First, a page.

The show is called, “Taps, Tunes, and Tall Tales”, but it could very well be an evening with Tommy Tune.
In marking his 55th year in show business, Tune inserts himself into the show with personal anecdotes and reflections while continuing to dazzle audiences with his song and dance. Even for a one-night show, Tune has added painstaking detail from the lighting (by Patrick Rinn) to costumes (Dona Granata) to his musical director Michael Biagi.
Tune will make two appearances in the Coachella Valley this week fresh from the Kennedy Center’s Terrace Theater in Washington, D.C.
The first is a Q&A Nov. 14 at the Coachella Valley Repertory Theatre in Rancho Mirage followed by his first-ever show Nov. 16 at the Annenberg Theater in Palm Springs (he has previously appeared at the McCallum Theatre).
“This one is…it’s intimate, I suppose because I do … you know, this is my golden decade in show business and so it’s time to, I guess, reflect,” Tune says.
Tune took time out in New York to answer some questions from Palm Springs Life.
What can audiences expect from your show?
“We do a whole Gershwin section and I even do a song from Green Day, Carole King, Burt Bacharach and, of course, Cole Porter, Irving Berlin. It’s an eclectic show, but each song has its own function in selling my story so it all kind of holds together. It does. It really holds together. I’m just having a ball with it.”
I would think the challenge of including your stories in the show is what stays and what do you leave out?
“I could do a whole other volume of this show with what I’ve left out because it accumulates and then you … you know, once you’ve told a story several times then you think, ‘Well what else could I be telling?’ of course, but I want to keep this because it works all so well together. Sometimes I go off in the show, and just something else will come to mind that has to do with what I’m talking about. It’s structured, but it’s a loose structure.”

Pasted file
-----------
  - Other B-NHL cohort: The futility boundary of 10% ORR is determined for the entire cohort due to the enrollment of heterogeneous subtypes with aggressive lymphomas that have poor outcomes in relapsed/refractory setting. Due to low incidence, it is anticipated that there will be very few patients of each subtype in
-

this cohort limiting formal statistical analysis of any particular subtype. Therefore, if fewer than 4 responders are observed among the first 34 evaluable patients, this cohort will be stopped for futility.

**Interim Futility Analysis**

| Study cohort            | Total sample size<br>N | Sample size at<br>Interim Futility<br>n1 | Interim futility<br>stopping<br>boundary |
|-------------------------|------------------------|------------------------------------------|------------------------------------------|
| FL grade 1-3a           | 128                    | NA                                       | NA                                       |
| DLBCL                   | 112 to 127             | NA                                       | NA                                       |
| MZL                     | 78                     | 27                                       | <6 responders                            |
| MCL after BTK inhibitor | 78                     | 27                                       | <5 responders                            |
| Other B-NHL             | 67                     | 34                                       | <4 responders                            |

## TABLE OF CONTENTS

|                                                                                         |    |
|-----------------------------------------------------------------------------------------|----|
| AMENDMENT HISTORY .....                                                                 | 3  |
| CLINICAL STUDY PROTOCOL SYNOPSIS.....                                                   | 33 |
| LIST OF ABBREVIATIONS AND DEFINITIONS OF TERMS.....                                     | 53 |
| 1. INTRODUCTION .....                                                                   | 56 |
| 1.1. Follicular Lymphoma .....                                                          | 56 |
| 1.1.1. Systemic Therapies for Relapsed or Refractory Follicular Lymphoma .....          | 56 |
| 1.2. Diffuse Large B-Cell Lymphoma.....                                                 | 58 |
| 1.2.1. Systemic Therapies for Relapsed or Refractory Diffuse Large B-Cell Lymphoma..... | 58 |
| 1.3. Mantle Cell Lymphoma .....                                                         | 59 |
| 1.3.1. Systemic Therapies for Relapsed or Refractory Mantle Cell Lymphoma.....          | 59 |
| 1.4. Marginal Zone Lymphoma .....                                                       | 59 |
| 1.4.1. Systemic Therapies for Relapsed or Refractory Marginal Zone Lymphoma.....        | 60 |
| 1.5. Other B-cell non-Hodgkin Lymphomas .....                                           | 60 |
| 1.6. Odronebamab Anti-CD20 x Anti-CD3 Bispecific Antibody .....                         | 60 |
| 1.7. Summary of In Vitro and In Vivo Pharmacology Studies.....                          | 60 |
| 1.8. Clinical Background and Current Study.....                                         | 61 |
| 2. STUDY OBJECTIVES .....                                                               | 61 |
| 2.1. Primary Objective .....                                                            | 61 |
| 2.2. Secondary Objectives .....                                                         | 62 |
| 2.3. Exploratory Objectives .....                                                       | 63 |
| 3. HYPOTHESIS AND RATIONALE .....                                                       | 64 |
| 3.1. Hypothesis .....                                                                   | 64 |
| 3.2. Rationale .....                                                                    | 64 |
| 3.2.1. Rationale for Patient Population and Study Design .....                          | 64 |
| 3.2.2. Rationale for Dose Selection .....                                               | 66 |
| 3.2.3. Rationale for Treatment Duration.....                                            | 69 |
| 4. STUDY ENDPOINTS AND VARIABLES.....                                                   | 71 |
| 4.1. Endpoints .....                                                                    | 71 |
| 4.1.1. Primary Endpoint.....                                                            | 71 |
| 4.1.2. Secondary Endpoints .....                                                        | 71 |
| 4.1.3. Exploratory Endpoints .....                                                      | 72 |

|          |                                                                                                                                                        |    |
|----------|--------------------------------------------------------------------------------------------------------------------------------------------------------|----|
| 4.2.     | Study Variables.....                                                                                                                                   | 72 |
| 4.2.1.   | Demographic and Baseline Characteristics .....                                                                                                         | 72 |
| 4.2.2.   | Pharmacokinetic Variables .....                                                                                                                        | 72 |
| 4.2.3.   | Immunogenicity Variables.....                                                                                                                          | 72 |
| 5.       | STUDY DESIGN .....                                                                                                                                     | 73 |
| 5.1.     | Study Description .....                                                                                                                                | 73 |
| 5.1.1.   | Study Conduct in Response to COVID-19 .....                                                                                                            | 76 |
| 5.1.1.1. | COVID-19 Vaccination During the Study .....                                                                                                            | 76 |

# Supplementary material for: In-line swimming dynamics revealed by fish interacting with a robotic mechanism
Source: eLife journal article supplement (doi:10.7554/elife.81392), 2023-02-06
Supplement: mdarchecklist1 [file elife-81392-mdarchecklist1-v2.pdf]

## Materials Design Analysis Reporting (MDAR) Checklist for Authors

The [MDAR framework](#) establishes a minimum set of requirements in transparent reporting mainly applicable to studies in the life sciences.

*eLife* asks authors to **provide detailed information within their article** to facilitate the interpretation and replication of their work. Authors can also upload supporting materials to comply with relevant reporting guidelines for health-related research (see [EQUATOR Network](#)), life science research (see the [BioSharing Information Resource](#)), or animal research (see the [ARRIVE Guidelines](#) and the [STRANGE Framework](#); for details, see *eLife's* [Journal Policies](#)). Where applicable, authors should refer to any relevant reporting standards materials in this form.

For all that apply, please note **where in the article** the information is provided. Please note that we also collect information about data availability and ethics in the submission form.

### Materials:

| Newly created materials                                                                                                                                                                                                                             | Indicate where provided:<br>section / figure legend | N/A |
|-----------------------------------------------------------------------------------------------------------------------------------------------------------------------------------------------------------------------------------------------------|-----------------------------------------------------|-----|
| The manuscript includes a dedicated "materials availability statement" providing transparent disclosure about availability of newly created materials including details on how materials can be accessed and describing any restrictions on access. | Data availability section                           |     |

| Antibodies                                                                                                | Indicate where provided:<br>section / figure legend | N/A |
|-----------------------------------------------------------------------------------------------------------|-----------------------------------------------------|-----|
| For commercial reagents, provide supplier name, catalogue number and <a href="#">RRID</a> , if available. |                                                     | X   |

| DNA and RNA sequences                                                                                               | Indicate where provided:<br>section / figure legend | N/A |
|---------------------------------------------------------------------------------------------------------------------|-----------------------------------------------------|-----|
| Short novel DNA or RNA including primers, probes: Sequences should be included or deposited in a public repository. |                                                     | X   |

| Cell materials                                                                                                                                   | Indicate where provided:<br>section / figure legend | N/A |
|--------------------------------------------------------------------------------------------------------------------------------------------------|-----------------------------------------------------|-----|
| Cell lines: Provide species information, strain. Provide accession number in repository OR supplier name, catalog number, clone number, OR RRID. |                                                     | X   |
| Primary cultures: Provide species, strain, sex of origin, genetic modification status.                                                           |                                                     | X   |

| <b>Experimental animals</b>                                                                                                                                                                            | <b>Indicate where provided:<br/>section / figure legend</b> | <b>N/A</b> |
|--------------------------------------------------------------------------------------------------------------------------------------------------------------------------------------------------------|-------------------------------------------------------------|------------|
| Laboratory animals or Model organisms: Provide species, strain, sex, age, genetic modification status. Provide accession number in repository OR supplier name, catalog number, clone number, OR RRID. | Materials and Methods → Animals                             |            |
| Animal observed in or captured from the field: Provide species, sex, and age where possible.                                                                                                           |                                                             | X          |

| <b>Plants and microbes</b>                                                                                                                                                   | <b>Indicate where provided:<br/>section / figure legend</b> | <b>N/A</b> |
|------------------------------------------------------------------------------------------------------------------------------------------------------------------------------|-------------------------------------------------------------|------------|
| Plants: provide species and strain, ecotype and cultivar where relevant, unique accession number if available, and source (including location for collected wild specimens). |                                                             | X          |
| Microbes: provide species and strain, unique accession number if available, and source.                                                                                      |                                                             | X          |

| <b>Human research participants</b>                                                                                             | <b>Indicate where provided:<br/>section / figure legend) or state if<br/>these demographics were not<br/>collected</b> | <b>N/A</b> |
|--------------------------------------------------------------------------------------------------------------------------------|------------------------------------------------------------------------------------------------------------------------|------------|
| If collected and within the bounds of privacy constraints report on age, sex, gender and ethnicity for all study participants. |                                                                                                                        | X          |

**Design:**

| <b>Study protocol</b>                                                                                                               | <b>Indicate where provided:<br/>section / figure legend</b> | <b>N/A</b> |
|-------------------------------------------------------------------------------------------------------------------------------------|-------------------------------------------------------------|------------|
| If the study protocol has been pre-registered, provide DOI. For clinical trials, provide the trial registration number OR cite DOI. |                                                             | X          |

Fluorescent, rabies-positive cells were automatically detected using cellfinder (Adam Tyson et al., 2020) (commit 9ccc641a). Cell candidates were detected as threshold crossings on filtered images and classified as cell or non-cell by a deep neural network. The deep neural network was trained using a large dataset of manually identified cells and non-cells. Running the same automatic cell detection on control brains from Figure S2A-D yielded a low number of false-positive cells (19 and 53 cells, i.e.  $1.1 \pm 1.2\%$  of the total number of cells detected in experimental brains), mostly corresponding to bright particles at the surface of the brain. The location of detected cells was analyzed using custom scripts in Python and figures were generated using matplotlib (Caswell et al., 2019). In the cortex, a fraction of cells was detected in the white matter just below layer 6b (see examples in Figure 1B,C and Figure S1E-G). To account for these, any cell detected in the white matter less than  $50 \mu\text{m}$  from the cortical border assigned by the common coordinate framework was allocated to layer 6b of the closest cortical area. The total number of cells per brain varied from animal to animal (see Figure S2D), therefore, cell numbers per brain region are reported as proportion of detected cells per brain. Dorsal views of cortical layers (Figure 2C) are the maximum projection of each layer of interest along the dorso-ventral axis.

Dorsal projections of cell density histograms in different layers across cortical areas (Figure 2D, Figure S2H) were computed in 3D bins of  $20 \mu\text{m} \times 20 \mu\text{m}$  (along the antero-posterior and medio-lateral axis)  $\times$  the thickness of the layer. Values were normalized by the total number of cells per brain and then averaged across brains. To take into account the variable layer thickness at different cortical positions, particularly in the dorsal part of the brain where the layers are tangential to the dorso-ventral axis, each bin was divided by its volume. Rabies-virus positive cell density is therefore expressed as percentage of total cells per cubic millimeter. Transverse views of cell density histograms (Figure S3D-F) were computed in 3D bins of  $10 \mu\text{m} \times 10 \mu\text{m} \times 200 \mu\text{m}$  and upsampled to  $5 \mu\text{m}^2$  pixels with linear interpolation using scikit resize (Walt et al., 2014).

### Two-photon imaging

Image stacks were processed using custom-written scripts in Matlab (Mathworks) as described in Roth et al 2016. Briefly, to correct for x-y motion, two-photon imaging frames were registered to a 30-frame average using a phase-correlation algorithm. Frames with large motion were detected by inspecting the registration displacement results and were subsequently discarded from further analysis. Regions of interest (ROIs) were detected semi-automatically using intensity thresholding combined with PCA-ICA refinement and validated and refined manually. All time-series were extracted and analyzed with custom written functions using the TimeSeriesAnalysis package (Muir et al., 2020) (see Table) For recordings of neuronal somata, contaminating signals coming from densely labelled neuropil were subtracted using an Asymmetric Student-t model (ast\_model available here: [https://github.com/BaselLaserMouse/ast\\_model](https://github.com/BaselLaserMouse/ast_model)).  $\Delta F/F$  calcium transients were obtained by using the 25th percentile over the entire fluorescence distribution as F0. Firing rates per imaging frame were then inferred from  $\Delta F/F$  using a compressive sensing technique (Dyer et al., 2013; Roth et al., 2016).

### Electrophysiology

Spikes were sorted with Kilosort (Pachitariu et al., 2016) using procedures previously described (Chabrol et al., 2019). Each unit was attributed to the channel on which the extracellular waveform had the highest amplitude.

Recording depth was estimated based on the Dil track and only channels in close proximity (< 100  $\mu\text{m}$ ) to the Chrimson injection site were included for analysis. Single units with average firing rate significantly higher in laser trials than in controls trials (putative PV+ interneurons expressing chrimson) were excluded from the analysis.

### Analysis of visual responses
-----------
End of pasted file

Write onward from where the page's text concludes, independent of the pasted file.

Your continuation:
How does that change the connection to the audience?
“That’s really interesting for me because you know, in the theater we’re so trapped into the proscenium and the other people on stage that you don’t adlib. That’s my training, you know, to do the script as written, but this one is relaxing. I’m learning more and more about that aspect of it, and about listening to the audience because the audience is my partner. Usually you come out on stage and you’re announcing ‘I am here’, and now watch whatever I get involved in. But this show is basically saying ‘I am here with you’, and those two little words really do change it. I’m still learning.”
When was the last time you visited Palm Springs?
“I think I was in Palm Springs this summer, and I always stay with Carol Channing. We just had a great time.”
How long have you known Carol?
“She really is my spiritual mother. I’ve known her since I was 17, and anytime I had to make a difficult decision, career-wise about show business, I would call her and she would always give me excellent advice. Like when I got my Las Vegas contract I said to her, ‘Okay Carol Channing. I just signed my Vegas contract at the MGM Grand. How do you play Las Vegas?’ and she said, ‘Tommy Tune, to play Las Vegas you must start with a finale and go up from there.’ It was good advice.” (They call each other by their full names).
How did you meet her?
“I got my equity card in Dallas at the Dallas Summer Musicals, and I was doing West Side Story, and the next show was Red Head. We had the week off in between to rehearse it, and Carol Channing came in with her show. It was a one-woman show called Show Girl. It was fantastic. I had never seen her before in my life. I saw her opening night and I went back every night to see it, every night. She gives it all and she’s a creature designed for the stage as am I. She’s bigger than life and I’m bigger than life, too (he’s 6-foot-6).”
I read you paint when you’re not performing. How did that start?
“I’ve always painted my whole life, but every show that I’ve ever directed I’ve painted first. Every scene I paint and every costume I do my version, and then I take it to the professionals, great scene designers, the great costume designers and say, ‘Take this and make it better, but this is the direction I’m going in.’ They love that because then they’re not trying to second guess what the director might want. I’m very into fashion and clothing and well, just all aspects of it. The painting just falls into that.”
LISTEN: Tommy Tune shares what happened to his personal memoirs that may derail writing a second book thanks to Hurricane Sandy.